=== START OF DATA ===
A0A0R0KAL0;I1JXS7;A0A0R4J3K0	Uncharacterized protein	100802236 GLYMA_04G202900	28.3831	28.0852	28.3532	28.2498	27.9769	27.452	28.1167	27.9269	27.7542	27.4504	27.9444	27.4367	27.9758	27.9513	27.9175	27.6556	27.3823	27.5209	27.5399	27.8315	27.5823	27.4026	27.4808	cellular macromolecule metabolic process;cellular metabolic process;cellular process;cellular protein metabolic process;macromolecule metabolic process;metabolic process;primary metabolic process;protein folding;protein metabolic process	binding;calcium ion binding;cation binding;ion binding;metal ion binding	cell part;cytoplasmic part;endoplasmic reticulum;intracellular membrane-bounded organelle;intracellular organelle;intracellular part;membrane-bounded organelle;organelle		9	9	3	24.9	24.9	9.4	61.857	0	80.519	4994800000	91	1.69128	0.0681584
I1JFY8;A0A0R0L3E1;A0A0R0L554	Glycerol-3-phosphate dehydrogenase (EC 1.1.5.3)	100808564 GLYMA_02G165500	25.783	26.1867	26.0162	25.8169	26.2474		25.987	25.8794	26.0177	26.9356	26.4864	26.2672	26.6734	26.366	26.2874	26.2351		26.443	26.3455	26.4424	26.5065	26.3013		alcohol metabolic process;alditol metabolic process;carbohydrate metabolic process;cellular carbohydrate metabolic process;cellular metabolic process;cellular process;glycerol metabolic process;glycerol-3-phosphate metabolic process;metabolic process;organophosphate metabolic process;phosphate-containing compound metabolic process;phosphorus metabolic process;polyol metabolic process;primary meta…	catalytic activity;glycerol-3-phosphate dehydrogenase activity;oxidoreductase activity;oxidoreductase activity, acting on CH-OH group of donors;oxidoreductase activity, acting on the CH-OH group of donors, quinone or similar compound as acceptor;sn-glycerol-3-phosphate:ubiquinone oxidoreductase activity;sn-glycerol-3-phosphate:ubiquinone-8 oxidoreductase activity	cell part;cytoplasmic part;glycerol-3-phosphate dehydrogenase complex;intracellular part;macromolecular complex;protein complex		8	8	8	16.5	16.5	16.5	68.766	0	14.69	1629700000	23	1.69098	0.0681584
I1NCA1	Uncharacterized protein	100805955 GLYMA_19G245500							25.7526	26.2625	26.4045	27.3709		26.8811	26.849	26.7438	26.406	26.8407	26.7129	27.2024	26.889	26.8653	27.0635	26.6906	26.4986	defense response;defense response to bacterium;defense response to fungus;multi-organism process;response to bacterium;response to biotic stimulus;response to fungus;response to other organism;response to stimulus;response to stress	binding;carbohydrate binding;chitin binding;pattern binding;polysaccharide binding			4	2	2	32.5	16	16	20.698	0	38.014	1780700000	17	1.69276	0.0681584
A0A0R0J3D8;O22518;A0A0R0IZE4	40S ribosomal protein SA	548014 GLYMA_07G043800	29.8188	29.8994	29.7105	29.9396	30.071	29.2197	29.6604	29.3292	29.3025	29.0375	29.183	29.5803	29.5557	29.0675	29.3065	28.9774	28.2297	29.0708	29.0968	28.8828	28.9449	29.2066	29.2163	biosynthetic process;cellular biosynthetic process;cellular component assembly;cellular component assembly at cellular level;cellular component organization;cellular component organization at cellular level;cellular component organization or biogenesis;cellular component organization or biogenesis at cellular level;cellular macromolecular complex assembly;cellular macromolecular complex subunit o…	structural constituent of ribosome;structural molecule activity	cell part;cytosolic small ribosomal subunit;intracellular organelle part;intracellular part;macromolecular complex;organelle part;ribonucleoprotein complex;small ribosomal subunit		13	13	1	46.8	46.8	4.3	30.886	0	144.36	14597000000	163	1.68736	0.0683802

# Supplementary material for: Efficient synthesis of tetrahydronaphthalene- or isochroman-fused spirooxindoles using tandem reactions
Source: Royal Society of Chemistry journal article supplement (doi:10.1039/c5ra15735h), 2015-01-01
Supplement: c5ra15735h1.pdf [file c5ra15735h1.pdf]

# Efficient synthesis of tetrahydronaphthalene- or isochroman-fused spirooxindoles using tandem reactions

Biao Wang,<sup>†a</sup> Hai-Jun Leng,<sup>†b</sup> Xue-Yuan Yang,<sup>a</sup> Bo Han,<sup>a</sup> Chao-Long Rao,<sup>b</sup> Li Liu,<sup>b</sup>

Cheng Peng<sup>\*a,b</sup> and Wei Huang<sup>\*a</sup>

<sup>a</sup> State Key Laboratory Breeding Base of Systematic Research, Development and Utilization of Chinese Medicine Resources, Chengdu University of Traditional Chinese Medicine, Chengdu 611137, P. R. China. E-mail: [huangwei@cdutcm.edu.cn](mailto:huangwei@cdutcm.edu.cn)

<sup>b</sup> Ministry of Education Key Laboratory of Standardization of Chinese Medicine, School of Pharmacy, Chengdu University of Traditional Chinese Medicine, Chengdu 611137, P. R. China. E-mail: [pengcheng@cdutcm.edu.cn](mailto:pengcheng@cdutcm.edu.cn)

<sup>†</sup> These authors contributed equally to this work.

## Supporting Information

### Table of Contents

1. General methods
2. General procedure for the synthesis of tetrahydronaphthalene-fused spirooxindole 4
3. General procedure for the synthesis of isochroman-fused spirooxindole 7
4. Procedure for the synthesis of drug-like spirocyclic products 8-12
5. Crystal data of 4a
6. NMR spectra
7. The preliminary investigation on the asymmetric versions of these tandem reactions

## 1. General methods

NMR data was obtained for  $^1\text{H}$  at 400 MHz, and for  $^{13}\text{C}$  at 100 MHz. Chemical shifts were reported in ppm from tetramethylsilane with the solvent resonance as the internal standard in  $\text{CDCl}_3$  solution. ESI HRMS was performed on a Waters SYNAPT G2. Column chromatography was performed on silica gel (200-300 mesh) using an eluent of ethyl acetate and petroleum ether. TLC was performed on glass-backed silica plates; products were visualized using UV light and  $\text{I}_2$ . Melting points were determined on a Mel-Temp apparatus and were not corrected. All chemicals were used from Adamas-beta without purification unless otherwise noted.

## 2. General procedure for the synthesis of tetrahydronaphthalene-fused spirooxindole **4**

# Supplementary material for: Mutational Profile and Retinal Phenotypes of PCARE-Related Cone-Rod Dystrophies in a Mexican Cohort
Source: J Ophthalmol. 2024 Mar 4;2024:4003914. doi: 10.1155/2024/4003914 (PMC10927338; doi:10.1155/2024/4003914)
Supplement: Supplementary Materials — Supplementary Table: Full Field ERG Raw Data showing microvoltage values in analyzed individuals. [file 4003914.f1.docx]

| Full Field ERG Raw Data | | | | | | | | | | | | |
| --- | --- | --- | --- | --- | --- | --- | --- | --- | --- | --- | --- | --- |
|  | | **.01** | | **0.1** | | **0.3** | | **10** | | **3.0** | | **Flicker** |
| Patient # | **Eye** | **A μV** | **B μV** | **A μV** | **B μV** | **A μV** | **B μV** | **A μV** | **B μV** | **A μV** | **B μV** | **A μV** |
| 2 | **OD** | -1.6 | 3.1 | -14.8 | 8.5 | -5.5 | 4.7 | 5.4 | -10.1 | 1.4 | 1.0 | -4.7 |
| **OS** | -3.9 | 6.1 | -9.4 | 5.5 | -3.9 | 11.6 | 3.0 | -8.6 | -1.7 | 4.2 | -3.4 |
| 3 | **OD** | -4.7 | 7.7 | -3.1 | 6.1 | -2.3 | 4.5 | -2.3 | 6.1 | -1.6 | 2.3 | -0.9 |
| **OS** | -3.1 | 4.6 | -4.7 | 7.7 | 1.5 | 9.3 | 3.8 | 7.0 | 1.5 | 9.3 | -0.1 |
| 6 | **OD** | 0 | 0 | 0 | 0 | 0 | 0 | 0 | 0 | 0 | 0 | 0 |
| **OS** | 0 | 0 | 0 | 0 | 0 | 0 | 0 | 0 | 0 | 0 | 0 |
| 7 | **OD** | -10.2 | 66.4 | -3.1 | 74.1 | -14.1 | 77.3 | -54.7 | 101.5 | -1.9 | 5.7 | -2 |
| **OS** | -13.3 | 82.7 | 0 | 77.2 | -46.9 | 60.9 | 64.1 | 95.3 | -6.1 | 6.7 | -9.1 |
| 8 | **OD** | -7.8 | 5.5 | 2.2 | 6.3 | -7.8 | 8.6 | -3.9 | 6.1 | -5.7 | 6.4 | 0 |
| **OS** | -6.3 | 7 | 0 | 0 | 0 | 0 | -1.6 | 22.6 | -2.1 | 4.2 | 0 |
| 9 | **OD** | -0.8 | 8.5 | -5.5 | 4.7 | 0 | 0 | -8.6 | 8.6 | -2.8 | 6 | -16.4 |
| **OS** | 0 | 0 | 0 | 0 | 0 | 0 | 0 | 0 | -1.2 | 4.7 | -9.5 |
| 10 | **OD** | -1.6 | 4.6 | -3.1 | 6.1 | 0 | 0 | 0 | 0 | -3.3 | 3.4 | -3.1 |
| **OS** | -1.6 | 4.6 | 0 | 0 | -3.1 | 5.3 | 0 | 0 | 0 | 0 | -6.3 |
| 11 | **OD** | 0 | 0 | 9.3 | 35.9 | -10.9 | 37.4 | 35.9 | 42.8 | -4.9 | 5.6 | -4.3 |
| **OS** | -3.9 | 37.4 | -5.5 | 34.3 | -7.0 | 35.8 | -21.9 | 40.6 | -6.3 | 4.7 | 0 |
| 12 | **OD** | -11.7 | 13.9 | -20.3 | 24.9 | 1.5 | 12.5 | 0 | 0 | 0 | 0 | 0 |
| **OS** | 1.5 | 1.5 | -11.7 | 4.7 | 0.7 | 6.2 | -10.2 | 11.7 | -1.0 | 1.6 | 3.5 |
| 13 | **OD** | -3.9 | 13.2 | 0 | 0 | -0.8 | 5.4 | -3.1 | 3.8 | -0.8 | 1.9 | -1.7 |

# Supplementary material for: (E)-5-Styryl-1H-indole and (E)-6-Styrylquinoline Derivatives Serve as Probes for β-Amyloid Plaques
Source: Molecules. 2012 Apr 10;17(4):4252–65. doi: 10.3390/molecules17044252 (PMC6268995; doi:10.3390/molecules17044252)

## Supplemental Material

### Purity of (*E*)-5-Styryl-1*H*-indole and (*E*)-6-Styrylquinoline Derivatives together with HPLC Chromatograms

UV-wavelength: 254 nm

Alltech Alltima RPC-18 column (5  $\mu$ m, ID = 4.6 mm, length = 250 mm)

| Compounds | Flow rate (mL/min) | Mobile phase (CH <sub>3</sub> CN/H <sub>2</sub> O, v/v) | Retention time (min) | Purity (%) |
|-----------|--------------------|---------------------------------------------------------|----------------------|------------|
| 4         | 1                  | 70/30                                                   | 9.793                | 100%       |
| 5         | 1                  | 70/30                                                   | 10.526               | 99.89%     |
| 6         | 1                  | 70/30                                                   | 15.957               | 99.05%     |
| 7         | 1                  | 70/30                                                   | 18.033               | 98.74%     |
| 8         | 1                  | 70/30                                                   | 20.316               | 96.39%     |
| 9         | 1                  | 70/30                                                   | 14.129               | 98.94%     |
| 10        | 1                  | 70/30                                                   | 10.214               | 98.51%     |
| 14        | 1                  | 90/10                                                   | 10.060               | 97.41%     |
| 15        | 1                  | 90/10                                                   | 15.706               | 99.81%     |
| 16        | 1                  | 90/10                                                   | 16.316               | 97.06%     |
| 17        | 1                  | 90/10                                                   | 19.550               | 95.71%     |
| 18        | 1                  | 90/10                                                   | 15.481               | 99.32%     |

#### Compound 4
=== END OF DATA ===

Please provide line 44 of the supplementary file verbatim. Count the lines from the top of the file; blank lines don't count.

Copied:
| **OS** | 0 | 0 | 0 | 0 | 0 | 0 | 0 | 0 | -1.2 | 4.7 | -9.5 |